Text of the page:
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What Not to Say to Someone Acutely Grieving

Caring words may not always be received as intended.

Key points

  • It's natural to want to express one's condolences when a loved one has suffered a major loss.
  • People in acute grief are especially vulnerable and may be very private or open to interacting with others about the details.
  • Though the expression of sorrow may be sincere, one's personal beliefs may not be shared by the acutely bereaved.
  • Being present and simply expressing sorrow for the person's loss is usually well-received.

It is kind and generous of spirit to want to let someone who is acutely grieving know that you are thinking about them and offer your condolences for their loss. Perhaps that may be all one can say without making assumptions or using language that might be offensive; I'll get to that.

Humans are wired to have empathy, even when their own personal experiences might be different. When it comes to acknowledging your sorrow at hearing the news of a death, it is important to remember that sometimes "less is more."

Clearly, this will vary with the nature of your relationship with the deceased and the survivor. Loss is a universal experience, and thinking about what you would feel comfortable hearing may not be the best guide for what to say to others. Comforting an acutely grieving person may feel awkward, and it may be enough to simply be present and not feel like words are always necessary.

I am writing both from professional experience and from a personal perspective of loss throughout my life. Most recently, a few years ago, my husband of almost four decades passed away. And as a psychotherapist, I have counseled people in acute grief, some of whom have had comments made that troubled them. Personally, I have always accepted the condolences, truly believing they are given from a place of love. However, some well-intentioned comments may be uninformed and even hurtful to the bereaved, whose emotions are tender.

Here are some condolences culled from my own and others' experiences that may illustrate the care needed, even in kindness. I will list the comments and some reasons why it might be helpful to reflect on how such a comment might be experienced by the aggrieved. I will add how the survivor might feel and think about the comment without saying anything out loud.

1. "I am sorry to hear about (insert name). (He, she, they) are in a "better place."

I know this comment is intended to ease the pain, especially if the death was drawn out and painful. But I think: Where is that place? Is there a better place than still being alive with me? Do you have an address? Are visitors allowed?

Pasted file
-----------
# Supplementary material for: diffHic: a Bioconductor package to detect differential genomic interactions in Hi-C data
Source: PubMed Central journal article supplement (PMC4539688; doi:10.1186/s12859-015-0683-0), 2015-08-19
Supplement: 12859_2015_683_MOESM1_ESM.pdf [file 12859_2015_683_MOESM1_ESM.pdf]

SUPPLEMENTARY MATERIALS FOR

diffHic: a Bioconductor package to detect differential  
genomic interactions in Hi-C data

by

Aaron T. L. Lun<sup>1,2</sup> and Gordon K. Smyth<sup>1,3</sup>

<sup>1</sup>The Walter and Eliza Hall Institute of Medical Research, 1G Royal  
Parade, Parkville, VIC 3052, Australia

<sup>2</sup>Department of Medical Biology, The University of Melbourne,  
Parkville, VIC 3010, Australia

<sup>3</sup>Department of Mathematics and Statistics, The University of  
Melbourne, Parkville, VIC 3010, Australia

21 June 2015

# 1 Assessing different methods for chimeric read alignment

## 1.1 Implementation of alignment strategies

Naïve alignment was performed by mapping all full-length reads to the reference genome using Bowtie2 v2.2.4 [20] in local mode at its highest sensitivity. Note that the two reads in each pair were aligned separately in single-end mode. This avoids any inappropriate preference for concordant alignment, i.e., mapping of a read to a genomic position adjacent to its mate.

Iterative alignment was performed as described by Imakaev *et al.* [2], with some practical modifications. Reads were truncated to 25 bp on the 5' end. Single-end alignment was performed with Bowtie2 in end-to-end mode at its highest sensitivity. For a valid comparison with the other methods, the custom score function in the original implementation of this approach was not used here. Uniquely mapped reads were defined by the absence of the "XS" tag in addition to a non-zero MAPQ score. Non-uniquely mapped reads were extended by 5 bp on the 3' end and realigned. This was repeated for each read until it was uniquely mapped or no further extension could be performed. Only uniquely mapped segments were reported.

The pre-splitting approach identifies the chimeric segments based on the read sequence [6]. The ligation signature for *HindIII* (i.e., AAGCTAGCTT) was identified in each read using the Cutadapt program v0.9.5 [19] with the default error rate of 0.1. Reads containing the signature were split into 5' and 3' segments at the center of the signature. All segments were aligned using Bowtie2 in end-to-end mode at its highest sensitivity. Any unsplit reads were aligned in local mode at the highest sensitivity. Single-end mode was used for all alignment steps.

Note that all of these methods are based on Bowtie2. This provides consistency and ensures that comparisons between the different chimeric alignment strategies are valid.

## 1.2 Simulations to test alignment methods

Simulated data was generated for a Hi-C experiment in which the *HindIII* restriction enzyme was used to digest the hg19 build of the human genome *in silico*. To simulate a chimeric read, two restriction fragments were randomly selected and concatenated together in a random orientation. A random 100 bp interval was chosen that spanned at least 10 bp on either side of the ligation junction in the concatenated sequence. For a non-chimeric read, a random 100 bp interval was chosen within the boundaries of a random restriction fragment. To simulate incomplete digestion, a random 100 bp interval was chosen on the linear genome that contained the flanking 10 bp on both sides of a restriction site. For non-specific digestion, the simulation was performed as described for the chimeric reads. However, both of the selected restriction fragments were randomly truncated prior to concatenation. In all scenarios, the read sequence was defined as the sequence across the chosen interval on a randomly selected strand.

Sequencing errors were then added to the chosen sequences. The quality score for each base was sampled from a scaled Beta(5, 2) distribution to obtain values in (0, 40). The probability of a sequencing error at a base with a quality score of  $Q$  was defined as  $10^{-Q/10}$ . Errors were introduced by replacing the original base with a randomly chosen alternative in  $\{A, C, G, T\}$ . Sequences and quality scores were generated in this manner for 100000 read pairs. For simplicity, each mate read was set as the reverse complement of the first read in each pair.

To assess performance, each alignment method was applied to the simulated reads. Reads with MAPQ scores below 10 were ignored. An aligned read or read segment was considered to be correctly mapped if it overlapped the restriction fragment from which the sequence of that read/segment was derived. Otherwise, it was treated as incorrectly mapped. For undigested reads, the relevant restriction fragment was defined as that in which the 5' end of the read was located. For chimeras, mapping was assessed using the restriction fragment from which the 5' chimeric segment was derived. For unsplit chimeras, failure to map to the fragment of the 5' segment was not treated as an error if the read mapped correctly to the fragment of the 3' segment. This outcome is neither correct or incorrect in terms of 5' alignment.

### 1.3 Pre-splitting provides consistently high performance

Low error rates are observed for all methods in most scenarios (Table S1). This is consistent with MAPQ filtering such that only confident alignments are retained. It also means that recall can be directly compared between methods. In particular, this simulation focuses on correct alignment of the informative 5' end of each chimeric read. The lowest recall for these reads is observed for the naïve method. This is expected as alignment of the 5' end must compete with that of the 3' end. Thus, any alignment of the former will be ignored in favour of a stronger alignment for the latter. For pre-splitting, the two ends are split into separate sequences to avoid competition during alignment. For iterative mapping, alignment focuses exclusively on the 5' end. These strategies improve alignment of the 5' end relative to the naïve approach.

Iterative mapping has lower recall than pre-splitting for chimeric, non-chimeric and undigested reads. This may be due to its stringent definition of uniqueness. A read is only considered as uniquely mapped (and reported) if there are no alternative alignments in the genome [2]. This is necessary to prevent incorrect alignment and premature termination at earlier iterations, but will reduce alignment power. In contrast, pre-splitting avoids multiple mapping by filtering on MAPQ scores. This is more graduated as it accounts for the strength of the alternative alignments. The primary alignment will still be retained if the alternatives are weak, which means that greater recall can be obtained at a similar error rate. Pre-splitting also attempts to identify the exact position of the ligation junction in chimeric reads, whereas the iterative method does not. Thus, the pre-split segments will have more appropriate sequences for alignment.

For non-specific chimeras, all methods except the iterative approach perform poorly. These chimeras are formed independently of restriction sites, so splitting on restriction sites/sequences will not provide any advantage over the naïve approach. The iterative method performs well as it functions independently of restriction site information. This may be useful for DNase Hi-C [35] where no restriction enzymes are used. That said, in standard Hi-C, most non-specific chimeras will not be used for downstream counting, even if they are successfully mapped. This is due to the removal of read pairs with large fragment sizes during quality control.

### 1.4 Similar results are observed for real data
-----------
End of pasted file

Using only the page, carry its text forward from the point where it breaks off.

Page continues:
2. "I am sorry to hear about (insert name). God doesn't give us anything we can't handle."

Two thoughts from my patients who have heard this: "Easy for you to speak for God," and "What if you don't believe God exists, and you are not sure you can handle it?" At the beginning of grieving, it can feel like it is just too much, as your world has been turned upside-down, and you cannot find your way through to the next moment.

3. I am sorry to hear you lost your (husband, wife, etc.).

Again, the words we use are important: We suffer a loss, but we did not lose them. My experience at one point (perhaps exaggerated as a former English teacher) was my internal response: "I did not lose my husband; he died. You lose a 4-year-old child who wanders off at the mall. Did I lose my husband to the guy in black with no face carrying that big sickle?" [I'm fairly sure I never actually said that out loud, and I hope I didn't.]

4. "I am sorry to hear about (insert name). Are you OK?"

Not sure how anyone knows how to answer that without simply being polite with a "yes," even when the survivor might feel like their entire world has just crashed around them, and they are feeling powerful emotions of sadness, fear, etc. Perhaps it would be better simply to say, "I'm here if I can be helpful."

I could go on, but the point really is just to express sorry at hearing what happened and, if you know the person well, if there is anything you can do to help in a practical way. What I have heard from some survivors is that they do not necessarily want people to rush in to hug them. Instead, wait until the bereaved person responds with a thank you or until they reach out for a hand or a hug first.

Acute grief makes us all emotionally vulnerable. Some losses are more complicated when there is ambivalence or even relief with the death. Experience tells me to keep it simple. Express your sorrow for hearing about (insert name), assume nothing, and expect nothing. An honest, warm, and simple expression of caring is usually safe and welcomed. Being a gentle member of the survivor's caring community is a powerful support in times of even the greatest loss. Sometimes, less is more.

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